In Mexico, where state is vital to arts, museums struggling.” By Tracy Wilkinson. Boston Globe/Los Angeles Times. September 20, 2009. Across Mexico City’s eclectic art world, museum directors, curators, artists, and performers are bracing for a round of recession-triggered budget cuts that could prove devastating. across Mexico City’s eclectic art world, museum directors, curators, artists, and performers are bracing for a round of recession-triggered budget cuts that could prove devastating. Many museums in Mexico rely heavily on government money, part of what is seen here as a legacy of the Mexican Revolution, whose goal to modernize the country included building up education and the arts. With the state taking such an active role, the tradition of philanthropic support for museums lagged. And where private donors do figure, their contributions also have diminished in hard times.


Cameron will have to fight the quangocracy; If they are to succeed in cutting spending, the Tories must win control over the plethora of bodies that dole out public money.” By William Rees-Mogg. Times of London. September 14, 2009. If the conservatives win the next election, they will have to take the responsibility for deciding public expenditure away from the quangos. Spending public money ought to be controlled by accountable elected bodies, either Parliament or local authorities. He will not be able to cut public expenditure in a considered way unless he greatly reduces the number of quangos. They will also need to rebalance the boards of the quangos. He will not be able to control public spending if he waits for the normal process of board resignations working through the quangos. Neither the British budget nor British culture can afford another five years of the big spenders who control too many quango boards.

Third academy declared ‘inadequate’ by Ofsted.” By Tom Peck. The Independent (UK). September 14, 2009. A £30m school created under the Government’s flagship academy scheme has been given an “inadequate” rating by Ofsted following a visit by inspectors in July, making it the third such school to be placed in special measures. The verdict will come as a significant blow to Labour, particularly given that the school it replaced was not said to have been failing. Labour introduced the academy scheme to replace failing schools with semi-autonomous institutions directed by sponsors from industry as well as private individuals, universities and colleges. At the start of this school year 67 new academies opened, bringing the total to 200.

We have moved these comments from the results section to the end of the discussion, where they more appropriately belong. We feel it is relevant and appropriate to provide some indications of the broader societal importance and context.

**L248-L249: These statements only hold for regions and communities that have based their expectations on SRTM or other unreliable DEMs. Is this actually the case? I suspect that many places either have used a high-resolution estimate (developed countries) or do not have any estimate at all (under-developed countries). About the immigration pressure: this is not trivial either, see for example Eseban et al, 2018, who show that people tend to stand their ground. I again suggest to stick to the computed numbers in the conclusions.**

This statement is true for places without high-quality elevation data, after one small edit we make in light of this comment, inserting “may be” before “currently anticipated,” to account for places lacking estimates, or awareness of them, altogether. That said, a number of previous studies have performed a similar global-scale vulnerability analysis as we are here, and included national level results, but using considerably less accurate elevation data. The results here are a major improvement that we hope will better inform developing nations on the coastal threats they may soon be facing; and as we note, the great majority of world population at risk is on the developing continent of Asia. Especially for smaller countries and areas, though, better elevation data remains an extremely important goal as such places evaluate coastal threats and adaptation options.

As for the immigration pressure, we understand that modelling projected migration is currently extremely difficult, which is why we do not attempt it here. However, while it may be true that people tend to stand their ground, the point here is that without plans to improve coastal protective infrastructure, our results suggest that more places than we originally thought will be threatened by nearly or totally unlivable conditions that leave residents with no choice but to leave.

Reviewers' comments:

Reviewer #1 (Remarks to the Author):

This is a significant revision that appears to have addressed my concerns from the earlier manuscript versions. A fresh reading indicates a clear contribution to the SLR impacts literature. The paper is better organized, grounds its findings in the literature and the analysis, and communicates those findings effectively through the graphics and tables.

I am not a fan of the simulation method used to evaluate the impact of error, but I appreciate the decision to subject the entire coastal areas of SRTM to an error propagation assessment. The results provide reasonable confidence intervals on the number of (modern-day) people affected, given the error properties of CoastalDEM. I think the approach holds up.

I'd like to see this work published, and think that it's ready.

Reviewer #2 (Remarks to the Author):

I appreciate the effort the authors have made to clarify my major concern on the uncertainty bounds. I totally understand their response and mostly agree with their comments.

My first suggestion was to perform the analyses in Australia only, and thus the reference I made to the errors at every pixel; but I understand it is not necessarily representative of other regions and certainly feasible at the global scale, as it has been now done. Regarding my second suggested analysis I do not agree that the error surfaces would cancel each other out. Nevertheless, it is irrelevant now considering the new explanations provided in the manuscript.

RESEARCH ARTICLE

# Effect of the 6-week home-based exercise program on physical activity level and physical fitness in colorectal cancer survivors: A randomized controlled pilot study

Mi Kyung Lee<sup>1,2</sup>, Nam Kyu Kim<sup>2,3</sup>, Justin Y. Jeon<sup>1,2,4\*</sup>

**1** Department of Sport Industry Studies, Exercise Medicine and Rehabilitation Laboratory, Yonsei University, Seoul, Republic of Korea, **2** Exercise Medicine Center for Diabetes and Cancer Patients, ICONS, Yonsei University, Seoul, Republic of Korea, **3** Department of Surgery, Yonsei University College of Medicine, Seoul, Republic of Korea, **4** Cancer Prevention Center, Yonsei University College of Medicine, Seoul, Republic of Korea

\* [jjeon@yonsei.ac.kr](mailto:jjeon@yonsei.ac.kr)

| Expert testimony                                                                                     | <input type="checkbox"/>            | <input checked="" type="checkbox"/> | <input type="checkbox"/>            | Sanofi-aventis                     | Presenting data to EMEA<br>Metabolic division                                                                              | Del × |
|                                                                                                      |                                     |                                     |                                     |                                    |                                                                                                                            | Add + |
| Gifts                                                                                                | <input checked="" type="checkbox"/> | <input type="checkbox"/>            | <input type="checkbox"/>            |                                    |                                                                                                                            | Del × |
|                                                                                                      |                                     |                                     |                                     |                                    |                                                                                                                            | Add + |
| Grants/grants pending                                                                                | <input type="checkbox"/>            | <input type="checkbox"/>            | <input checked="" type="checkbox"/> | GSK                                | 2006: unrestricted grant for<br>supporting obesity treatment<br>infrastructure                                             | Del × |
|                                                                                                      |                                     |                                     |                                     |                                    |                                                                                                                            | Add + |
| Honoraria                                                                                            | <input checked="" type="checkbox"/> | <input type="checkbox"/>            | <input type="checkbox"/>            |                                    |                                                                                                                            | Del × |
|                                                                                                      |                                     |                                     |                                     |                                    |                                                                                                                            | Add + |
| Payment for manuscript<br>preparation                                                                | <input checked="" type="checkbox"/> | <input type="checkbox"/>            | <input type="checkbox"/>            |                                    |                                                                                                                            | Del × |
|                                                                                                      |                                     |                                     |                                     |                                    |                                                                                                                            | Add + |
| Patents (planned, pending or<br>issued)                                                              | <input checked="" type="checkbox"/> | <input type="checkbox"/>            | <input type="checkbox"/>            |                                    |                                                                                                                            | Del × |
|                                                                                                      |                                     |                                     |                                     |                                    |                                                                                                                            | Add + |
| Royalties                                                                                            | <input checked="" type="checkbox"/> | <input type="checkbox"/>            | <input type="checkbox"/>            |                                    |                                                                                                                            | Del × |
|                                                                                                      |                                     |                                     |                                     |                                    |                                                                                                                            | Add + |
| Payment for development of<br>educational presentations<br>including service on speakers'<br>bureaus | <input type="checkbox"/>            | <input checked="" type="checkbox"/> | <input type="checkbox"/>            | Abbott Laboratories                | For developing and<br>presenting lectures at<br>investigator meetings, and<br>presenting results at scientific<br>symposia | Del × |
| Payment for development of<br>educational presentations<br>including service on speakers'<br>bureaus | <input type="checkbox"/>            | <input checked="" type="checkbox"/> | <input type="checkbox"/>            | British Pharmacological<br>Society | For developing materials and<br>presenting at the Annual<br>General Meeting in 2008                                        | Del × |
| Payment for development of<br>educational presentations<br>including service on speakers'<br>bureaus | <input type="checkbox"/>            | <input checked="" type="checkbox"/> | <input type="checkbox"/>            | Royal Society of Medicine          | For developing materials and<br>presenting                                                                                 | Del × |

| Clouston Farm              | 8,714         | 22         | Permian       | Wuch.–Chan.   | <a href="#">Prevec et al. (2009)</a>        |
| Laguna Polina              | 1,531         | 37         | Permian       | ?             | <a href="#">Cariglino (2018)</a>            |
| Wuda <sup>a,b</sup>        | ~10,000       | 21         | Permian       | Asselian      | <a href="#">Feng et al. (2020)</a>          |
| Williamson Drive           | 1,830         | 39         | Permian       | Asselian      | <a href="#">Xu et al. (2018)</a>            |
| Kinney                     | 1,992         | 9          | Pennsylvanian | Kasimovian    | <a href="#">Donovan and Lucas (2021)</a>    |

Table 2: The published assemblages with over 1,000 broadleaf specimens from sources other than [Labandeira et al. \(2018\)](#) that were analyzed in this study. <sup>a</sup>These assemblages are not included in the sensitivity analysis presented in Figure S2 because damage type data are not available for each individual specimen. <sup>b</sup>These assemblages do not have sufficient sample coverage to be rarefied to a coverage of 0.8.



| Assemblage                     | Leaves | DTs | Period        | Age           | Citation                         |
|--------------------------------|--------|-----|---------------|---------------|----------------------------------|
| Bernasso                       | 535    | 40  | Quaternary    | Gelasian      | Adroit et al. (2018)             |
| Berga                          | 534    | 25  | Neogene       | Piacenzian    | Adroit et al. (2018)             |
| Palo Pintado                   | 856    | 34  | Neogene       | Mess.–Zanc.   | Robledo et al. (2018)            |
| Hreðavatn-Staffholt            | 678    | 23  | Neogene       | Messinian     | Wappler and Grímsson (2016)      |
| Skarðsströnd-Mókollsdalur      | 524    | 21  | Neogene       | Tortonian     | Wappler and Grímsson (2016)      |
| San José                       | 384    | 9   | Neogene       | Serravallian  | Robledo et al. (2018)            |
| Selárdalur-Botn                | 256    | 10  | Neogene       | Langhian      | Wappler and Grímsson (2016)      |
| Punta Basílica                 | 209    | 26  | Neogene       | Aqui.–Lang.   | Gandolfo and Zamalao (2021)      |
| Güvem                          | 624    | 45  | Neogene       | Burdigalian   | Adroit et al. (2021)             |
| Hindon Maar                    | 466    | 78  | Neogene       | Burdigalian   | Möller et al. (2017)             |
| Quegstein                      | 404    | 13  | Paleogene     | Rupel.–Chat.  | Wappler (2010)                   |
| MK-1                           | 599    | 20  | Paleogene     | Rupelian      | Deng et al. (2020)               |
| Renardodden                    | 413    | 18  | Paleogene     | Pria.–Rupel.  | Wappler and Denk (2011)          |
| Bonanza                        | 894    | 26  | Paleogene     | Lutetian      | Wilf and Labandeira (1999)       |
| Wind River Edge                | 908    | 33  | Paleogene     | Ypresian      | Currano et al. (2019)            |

QC challenges private school law.” By Polly Curtis. Guardian (UK). September 14, 2009. New government rules forcing private schools to open up their services, including the provision of more bursaries, are unlawful, according to a leading attorney who has accused the charities watchdog of “attacking” fee-charging schools. Independent schools should be considered charities simply because they educate children and should not be forced to provide free classes for those who cannot afford their fees, she argues. The Charity Commission is establishing new rules after a change in the law in the Charities Act 2006 which means private schools have to show their fees are not a barrier to the services they provide, or risk losing charitable status. Loss of status would mean forgoing £100m in tax breaks independent schools receive every year.

Prince Charles’s architecture body faces inquiry.” By Robert Booth. Guardian (UK). September 14, 2009. Charity regulators are investigating the activities of one of Prince Charles’s most prominent causes, the Prince’s Foundation for the Built Environment. The move was sparked by reports in the Guardian last month that the prince and his charity had influenced the course of a series of major property developments in the UK. The Charity Commission has ordered the foundation, which describes itself as an educational charity, to explain its trustee decision-making, the activities it undertakes to further its charitable purposes for the public benefit and its relationship with the prince.